General Court Martial of Job Williams
[Continuation of a General Court Martial held at New York in the Province of New York on Thursday May the 15th, and continued by Adjournments to May the 22nd 1777]
Saturday May the 17th 1777.
The Court being met pursuant to Adjournment.
Major John GRYMES of the Queen’s American Rangers, was duly sworn and examined.
Q. (by desire of the Prisoner)— Did he ever hear Lieutenant TAYLOR complain of a disorder in his head, previous to the affray between Captain WILLIAMS and him?
Q. Did he ever hear him complain of this disorder before he had leave to come to New York, on account of it?
Q. Was he in company with Lieutenant TAYLOR during his last illness?
Q. What conversation had he with him concerning the quarrel between Captain WILLIAMS and him?
Captain Richard ARMSTRONG of the Queen’s American Rangers, being duly sworn was examined.
Q. by desire of the Prisoner— Did he ever hear Lieutenant TAYLOR say that he had received blows on the head from others, besides Captain WILLIAMS, after the quarrel between them?
Q. Did he see Lieutenant TAYLOR during his illness?
Lieutenant Beesley JOEL of the Queen’s American Rangers, being duly sworn was examined.
Q. (by desire of the Prisoner)— Did he see Lieutenant TAYLOR on the evening that the quarrel happened between Captain WILLIAMS and him at BRANDON’s?
Q. What conversation pass’d between them?
Captain WILLIAMS then declined calling any more Witnesses, and Summed up his defence as follows:
I appear before this honorable Court Martial, unknown to every member of it, accused of a Crime of a most atrocious nature, that of murdering a Subject and an acquaintance, a situation so peculiarly distressing as to entitle me to the exercise of that candour which is the Characteristic of British Officers.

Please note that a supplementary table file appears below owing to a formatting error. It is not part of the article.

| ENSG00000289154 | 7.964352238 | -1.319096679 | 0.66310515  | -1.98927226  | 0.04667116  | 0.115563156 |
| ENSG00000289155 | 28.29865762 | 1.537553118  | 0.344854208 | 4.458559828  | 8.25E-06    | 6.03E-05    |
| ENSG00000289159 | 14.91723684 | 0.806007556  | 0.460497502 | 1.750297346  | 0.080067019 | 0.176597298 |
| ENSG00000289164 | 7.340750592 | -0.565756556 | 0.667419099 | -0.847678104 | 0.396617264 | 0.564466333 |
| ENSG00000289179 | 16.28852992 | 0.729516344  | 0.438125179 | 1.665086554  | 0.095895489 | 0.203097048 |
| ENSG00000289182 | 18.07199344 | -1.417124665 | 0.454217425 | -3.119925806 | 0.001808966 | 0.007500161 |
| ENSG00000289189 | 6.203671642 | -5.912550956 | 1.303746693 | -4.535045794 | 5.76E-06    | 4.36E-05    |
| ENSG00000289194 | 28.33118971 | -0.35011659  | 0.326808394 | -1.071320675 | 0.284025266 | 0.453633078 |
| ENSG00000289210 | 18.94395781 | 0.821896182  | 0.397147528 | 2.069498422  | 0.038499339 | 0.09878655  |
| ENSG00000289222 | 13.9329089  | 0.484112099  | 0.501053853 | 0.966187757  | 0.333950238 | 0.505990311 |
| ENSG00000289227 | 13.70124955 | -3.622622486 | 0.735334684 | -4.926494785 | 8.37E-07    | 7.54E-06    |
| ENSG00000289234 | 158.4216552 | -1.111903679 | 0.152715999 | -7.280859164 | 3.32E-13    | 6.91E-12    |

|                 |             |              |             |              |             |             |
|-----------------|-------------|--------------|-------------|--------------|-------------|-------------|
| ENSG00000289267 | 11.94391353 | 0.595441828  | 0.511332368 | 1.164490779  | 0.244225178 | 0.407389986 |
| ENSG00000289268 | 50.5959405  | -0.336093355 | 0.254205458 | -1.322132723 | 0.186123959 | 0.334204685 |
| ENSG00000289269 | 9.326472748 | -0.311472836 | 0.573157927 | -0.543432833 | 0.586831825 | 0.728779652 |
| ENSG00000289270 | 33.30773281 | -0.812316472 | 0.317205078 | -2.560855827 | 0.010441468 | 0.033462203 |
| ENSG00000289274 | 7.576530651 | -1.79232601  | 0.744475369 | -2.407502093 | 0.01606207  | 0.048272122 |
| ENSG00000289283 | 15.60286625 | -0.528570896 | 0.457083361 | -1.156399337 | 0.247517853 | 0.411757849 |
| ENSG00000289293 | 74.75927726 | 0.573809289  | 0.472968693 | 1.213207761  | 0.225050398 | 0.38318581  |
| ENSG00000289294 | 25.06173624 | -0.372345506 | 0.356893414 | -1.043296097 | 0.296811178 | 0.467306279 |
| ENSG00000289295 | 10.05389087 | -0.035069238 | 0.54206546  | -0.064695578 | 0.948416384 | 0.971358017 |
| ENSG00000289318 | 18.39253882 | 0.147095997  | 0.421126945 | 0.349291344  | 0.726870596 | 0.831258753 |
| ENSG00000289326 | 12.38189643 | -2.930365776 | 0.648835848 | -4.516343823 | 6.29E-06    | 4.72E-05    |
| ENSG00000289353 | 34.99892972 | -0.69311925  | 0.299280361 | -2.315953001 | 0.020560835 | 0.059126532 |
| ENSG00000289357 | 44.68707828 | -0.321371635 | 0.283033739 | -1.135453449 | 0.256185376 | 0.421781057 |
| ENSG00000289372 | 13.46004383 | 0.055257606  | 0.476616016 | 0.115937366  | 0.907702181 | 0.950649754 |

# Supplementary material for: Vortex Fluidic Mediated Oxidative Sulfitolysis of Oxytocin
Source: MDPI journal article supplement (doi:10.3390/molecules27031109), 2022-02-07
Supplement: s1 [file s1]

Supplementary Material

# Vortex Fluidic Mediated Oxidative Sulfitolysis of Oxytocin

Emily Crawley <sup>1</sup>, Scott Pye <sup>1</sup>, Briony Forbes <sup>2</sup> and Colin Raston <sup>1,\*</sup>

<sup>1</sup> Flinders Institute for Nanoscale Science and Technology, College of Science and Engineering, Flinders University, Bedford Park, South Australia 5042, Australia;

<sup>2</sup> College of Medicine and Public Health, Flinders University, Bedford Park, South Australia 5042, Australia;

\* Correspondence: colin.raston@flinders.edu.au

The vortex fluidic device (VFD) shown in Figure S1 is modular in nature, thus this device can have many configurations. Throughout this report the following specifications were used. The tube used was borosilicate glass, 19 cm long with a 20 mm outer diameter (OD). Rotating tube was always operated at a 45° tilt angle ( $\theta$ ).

Before I enter on my defence; I beg leave to mention some circumstances relative to myself.
In the late war in America, I had the honor to serve my Sovereign as a Captain in the Provincial Service, and the satisfaction to receive the approbation of my superiors.
Early in the Contest between Great Britain and the Colonies, I took an active part, in favour of Government, and was persecuted, insulted, and obliged to leave a peaceable retirement in the Country, and join the King’s troops.
When it was determined by the Commander in Chief, to raise men in the Colonies, to assist in suppressing the rebellion, I sollicited a Commission, and was honoured with the Command of a Company in the Queen’s American Rangers.
In that Corps I became acquainted with Lieutenant Peter Augustus TAYLOR, with whom I had lived in the strictest friendship, untill the evening of the 24th of March, when I was invited to the house of Mr. BRANDON, formerly a Captain in the same Corps; an invitation which for various reasons I should have declined, but on a Suggestion of particular business, I accepted.
Mr. TAYLOR by accident as I supposed came to BRANDON’s and was asked to spend the Evening; he answered that he was engaged but would step out, and disengage himself, and if he did not, not to wait for him at Supper; however he returned in less than an hour and supped with BRANDON and me.